When choosing the right groundwork and foundations specialist, there are some key issues you need to think about. In this article, we’ll take you through them step by step.
Let’s look at each of these in a bit more depth.
Groundwork and foundations can be a somewhat mysterious trade; a lot of homeowners aren’t sure what it actually involves, and it’s therefore particularly tricky to work out if a specialist is giving you the correct information or undertaking a project in the right way.
In simple terms, a groundworker prepares the site of a new home or extension. They typically clear the ground, lay the foundations, install drainage and make connections with existing pipework. After a build is completed, they may also come back to add paving, footpaths, landscaping and driveways.
When you’re hiring tradesman to work on this sort of project, it’s a good idea to do a bit of your own research first, so you have a basic understanding of the main issues and know which are the key questions to ask.
First, have a conversation with the architect who has drawn up your plans, and ask them whether there are any out-of-the-ordinary issues you’re likely to face on-site. You can raise these in your initial chats with tradesmen, and ask each specialist how they intend to deal with them.
Matthew Lyttle of MRL Construction & Maintenance specialises in drainage, footings and hard landscaping and has a spotless, 100% positive feedback rating on MyBuilder. He recommends doing a bit of reading around the subject, too:
There’s a book called the Building Construction Handbook, by Roy Chudley and Robert Greeno. It’s a great guide to all aspects of building, big or small. And because it doesn’t use too much jargon it’s pretty easy for non-experts to understand. I recommend it to quite a few customers.
Get at least three groundwork and foundations specialists to visit the site and quote on your project. Choose a tradesman who has plenty of experience of doing similar jobs to yours – for example, on similar types and sizes of buildings, and to a similar timescale.
As well as checking their MyBuilder feedback, ask to see photographs of previous jobs – and also see if you can speak to one or two of their previous customers. A reputable tradesman should be happy to put you in touch with past clients, and this will give you the chance to find out what a tradesman is like to work with on a day-to-day basis. For example, are they polite and punctual? How did they deal with unexpected snags? And were they easy to contact after the project had finished, if the customer had any further questions?
When judging a groundwork specialist’s experience and competence, there are a few key questions that they should be able to answer.
Matthew highlights two key topics to raise. The first is ground heave – the upward movement of the ground which can occur when clay soils get wet and expand:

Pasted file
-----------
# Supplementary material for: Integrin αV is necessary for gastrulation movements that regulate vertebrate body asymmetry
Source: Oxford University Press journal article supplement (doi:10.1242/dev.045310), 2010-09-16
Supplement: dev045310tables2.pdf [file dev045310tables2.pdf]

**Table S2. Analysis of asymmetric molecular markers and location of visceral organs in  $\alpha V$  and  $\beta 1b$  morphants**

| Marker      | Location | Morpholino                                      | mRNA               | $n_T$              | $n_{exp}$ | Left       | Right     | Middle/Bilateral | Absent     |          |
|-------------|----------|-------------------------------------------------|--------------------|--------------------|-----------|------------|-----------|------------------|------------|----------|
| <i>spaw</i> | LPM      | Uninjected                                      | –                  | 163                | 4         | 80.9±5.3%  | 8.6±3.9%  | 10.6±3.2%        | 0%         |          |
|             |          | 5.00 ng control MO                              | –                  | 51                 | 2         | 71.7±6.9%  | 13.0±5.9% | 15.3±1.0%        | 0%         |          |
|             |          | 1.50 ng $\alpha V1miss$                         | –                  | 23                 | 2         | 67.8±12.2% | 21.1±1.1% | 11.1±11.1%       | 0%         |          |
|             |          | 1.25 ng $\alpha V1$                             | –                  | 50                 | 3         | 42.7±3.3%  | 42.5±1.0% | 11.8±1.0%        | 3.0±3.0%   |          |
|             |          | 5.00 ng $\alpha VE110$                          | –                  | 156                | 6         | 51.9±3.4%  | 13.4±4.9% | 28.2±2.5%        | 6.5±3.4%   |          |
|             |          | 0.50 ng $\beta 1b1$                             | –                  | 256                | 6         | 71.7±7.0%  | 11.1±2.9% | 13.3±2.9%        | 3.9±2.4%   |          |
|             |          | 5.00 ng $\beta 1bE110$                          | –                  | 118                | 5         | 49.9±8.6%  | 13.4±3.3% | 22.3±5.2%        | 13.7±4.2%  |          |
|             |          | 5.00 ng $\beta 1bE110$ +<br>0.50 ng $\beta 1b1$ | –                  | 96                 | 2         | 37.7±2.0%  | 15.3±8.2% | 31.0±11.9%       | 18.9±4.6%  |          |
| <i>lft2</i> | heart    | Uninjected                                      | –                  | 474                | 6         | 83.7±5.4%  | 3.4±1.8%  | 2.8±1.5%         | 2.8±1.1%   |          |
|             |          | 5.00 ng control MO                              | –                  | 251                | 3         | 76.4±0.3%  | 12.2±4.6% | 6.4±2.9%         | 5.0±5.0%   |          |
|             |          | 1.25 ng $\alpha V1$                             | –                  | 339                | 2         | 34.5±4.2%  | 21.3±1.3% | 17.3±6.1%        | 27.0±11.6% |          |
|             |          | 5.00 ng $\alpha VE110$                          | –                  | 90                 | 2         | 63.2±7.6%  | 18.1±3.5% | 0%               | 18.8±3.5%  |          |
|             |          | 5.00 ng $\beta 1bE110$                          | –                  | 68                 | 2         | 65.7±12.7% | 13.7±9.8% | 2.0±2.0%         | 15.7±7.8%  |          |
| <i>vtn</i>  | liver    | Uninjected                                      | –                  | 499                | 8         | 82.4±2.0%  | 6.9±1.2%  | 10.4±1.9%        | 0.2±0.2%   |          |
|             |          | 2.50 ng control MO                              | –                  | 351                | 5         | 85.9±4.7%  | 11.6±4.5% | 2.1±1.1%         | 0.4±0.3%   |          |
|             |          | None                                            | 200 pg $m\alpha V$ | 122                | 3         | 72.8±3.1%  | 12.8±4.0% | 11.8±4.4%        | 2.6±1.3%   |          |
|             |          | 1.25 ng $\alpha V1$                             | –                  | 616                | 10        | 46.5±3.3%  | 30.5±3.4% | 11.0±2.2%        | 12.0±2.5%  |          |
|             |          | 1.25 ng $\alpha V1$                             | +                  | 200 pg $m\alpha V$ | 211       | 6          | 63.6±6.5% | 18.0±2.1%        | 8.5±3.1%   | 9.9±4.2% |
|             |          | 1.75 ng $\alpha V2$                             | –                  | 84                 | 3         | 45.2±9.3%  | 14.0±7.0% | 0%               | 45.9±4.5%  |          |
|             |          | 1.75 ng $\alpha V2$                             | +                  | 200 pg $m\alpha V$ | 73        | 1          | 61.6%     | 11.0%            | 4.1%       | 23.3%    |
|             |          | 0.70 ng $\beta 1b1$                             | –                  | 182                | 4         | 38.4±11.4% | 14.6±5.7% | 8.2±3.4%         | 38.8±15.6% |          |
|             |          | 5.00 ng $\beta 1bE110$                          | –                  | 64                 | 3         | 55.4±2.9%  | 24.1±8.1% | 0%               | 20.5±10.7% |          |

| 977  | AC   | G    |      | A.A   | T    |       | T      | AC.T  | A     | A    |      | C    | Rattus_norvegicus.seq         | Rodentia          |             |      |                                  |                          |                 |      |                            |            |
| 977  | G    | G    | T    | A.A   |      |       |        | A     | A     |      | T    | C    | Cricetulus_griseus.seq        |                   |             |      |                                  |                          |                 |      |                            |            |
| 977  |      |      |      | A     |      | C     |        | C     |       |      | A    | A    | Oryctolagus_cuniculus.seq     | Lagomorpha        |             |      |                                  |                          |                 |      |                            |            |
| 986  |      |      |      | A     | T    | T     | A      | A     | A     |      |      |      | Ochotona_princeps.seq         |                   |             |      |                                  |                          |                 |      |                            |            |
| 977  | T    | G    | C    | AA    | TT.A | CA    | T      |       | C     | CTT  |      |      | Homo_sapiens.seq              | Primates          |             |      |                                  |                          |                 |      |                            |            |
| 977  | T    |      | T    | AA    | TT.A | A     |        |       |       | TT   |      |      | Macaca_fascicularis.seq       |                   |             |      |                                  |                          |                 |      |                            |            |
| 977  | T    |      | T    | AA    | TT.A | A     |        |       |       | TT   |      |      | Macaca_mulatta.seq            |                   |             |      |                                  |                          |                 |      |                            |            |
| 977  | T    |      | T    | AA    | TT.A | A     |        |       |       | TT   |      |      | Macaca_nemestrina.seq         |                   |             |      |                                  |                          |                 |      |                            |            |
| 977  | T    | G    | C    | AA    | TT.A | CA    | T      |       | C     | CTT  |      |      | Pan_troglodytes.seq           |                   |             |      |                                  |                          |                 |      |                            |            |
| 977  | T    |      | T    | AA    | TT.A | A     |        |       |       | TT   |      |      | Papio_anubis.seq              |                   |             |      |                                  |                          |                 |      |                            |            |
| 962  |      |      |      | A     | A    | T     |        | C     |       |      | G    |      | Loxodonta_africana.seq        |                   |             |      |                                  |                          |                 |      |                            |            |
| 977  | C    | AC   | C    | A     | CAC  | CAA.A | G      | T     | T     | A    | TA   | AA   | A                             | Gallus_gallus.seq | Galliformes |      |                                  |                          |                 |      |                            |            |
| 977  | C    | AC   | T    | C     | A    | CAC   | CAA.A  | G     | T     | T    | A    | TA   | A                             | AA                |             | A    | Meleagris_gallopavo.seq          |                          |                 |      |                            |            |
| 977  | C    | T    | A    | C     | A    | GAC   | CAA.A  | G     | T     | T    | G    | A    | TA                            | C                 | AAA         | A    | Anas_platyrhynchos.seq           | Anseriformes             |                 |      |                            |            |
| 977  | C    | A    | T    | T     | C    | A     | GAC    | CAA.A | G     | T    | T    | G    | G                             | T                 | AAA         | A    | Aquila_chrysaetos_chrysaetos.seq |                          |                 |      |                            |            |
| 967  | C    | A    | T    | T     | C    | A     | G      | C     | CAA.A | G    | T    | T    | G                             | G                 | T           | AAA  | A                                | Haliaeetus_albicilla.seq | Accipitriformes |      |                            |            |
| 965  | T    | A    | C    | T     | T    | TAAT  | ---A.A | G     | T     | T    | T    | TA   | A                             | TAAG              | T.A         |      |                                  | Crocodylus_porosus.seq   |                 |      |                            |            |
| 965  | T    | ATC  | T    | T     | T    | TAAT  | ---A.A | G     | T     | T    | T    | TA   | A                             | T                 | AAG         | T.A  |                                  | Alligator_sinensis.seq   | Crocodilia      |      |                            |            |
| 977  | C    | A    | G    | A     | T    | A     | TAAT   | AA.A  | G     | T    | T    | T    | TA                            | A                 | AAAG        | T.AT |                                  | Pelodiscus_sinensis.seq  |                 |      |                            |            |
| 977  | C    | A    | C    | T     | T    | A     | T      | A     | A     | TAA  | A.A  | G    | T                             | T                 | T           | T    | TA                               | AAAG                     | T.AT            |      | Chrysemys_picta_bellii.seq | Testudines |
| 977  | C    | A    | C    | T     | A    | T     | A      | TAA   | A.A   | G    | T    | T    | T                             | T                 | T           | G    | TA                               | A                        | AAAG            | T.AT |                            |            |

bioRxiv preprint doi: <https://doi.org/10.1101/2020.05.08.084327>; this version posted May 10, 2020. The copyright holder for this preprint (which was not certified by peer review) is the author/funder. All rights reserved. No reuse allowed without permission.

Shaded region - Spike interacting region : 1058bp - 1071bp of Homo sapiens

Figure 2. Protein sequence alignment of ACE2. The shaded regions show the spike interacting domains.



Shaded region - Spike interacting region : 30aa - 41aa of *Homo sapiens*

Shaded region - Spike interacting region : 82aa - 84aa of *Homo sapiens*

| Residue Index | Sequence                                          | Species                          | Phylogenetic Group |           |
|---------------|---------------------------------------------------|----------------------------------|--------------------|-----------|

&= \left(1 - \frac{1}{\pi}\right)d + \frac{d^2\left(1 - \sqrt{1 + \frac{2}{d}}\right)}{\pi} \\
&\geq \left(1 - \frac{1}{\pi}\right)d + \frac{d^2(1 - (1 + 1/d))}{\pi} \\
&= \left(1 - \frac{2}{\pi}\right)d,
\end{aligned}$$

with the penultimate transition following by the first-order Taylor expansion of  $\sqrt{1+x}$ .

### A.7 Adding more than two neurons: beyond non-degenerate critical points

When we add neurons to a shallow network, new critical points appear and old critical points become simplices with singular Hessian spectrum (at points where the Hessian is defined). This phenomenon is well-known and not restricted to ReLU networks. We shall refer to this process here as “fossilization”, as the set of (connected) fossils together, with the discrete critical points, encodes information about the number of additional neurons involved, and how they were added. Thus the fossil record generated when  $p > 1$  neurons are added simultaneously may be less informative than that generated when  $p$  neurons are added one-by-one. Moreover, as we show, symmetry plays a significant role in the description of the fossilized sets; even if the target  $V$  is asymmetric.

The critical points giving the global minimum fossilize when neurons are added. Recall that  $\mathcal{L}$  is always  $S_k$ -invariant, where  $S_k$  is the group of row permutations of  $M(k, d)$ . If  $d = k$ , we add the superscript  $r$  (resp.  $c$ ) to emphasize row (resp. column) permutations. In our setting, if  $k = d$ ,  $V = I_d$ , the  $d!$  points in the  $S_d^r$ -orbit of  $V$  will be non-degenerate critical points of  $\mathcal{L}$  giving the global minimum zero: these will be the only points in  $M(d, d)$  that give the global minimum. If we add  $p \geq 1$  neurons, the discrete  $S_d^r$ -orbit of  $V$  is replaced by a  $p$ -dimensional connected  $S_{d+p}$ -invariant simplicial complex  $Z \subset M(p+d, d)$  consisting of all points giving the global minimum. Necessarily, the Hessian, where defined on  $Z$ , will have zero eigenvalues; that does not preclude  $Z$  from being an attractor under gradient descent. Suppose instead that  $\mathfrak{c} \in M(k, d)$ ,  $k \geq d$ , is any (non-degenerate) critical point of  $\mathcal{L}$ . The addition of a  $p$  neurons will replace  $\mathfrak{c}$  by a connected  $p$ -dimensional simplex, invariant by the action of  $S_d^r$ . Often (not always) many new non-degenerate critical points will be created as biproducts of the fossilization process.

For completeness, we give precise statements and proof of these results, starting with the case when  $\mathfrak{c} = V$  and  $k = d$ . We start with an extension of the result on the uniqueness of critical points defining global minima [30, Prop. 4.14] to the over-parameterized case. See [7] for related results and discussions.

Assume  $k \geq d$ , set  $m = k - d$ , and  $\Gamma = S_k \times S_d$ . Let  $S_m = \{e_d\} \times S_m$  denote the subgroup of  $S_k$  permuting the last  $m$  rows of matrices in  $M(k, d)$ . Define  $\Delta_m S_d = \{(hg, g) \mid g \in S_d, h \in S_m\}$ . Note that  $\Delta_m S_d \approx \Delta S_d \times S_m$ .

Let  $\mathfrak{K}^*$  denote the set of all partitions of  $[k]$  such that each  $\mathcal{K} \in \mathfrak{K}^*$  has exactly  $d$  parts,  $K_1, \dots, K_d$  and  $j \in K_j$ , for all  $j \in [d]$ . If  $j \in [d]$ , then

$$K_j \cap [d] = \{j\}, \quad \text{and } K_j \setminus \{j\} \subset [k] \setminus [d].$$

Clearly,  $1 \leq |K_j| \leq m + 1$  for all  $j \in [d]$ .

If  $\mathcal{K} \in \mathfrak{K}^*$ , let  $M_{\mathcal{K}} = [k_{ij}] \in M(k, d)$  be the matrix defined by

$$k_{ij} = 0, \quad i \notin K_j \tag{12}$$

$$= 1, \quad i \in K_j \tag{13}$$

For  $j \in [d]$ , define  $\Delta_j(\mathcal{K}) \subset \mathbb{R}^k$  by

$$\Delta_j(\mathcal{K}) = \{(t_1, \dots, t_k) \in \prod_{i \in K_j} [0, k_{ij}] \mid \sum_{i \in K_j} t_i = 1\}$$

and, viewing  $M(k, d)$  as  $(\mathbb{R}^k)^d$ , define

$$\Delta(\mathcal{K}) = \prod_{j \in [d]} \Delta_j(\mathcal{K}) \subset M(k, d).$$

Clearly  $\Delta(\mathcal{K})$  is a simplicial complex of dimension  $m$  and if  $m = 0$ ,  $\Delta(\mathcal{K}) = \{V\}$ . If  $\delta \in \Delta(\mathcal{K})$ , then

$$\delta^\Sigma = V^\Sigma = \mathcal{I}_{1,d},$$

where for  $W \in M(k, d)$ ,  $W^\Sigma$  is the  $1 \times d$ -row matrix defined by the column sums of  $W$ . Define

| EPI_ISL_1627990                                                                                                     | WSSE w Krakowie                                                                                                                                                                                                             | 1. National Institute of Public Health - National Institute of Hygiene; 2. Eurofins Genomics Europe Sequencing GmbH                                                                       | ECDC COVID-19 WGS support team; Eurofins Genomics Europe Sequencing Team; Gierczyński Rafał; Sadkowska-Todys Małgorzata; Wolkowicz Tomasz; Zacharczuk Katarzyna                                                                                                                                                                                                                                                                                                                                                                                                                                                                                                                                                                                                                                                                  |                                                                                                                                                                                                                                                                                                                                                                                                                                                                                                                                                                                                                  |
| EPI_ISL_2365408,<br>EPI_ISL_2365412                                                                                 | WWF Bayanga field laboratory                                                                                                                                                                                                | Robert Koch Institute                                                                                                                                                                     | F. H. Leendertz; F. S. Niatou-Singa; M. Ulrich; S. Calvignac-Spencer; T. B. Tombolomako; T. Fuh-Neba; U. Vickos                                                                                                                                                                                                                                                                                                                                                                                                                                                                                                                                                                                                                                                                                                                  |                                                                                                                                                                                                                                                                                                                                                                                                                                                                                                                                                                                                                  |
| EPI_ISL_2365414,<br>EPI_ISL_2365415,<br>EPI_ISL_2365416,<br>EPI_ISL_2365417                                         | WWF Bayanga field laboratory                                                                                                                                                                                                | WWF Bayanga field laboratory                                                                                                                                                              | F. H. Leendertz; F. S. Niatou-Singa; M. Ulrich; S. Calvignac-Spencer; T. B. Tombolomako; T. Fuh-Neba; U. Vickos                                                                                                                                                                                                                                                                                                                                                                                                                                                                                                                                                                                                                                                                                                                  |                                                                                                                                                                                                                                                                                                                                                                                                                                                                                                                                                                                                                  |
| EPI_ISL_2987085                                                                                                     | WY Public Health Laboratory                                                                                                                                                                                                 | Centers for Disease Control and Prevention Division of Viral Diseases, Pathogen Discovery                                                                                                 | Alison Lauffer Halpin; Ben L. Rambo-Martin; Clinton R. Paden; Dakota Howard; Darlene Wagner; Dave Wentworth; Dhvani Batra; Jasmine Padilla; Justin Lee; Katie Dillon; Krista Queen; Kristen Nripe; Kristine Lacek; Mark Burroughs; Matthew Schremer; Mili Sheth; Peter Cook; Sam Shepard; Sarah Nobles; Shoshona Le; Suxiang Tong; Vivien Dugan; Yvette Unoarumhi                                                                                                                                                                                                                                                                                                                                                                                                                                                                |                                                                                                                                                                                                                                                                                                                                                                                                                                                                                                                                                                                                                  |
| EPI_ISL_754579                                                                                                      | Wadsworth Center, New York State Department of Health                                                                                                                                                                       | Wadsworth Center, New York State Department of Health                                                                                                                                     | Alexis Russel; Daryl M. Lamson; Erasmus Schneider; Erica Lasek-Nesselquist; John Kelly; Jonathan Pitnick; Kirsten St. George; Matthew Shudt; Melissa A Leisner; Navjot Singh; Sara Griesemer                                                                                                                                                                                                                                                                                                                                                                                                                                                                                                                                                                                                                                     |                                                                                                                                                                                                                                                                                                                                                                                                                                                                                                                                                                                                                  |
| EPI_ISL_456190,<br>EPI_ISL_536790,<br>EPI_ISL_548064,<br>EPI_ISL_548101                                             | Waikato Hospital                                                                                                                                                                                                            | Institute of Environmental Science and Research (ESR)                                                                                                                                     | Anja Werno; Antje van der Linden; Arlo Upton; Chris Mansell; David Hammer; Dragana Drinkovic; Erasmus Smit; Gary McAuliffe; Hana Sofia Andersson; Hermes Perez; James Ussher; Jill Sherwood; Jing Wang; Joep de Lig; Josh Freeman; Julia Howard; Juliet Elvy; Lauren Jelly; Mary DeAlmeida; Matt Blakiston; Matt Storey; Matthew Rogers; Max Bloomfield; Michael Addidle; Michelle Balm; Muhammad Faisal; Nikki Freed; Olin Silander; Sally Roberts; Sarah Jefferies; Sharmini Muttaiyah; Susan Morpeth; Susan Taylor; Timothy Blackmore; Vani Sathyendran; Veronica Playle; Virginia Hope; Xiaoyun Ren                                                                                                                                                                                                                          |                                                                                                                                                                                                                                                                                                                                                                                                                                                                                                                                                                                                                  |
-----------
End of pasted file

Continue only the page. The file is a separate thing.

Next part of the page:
The main issue with footings is always going to be ground heave. The drawing your architect does for you should flag up if there is any risk of heave – and if there is, a tradesman would need to use Claymaster – a product that protects against ground heave – on the inside of the footings. If you ask a tradesman about ground heave and they don’t know what you’re on about, they’re not experienced enough!
The testing of drainage is also crucial. If they say they’re just going to chuck a bucket of water down the hole they’ve dug, that’s another fail. As well as a flow test (pouring water down the hole) the test building regulations will generally want you to do an air test. That’s where you close all the pipes off, blow air into the system and put a new gauge on it – to see if any air leaks from the system.
There’s also a seal test, where you fill the system with water, seal it off, and then see if any water seeps out. If a tradesmen doesn’t mention either of these last two tests when you ask how he plans to check drainage, be wary.
Ask each tradesman you’re considering how they would feel about you being present when the building inspector comes. A good tradesman should have no issue with you being involved at this stage, as Matthew points out:
I would really encourage homeowners to be on site at this point. That means they’re able to hear all the feedback from the building inspector – he’s the referee for both you and the tradesman, and the guarantor that everything’s being done right.
It should also serve to reassure the homeowner; they’re not just taking the tradesman’s word about what the building inspector has said.
Ask the tradesman who comes to quote on your project who will actually be doing the work. Will he be ultimately responsible for the project, heading up a team of permanent employees? Or will he be subcontracting the work out?
Many good groundwork and foundation specialists subcontract out certain tasks – this is not necessarily a problem. But as Matthew emphasises, it’s important you find out the extent to which work will be outsourced – and crucially, who will be taking responsibility if there are any issues:
On any site where footings or drainage is involved, I always make sure I deal directly with the customer. The only sub-contractors I use are bricklayers, and even then I use the same team every time. I also try to give the homeowner an update at the end of each day, to keep them in the loop.
I offer a guarantee on all my work – that it’s guaranteed to pass by the buildings inspector. And I also tell every homeowner to get in touch with me if there are any issues, and we’ll come and rectify them.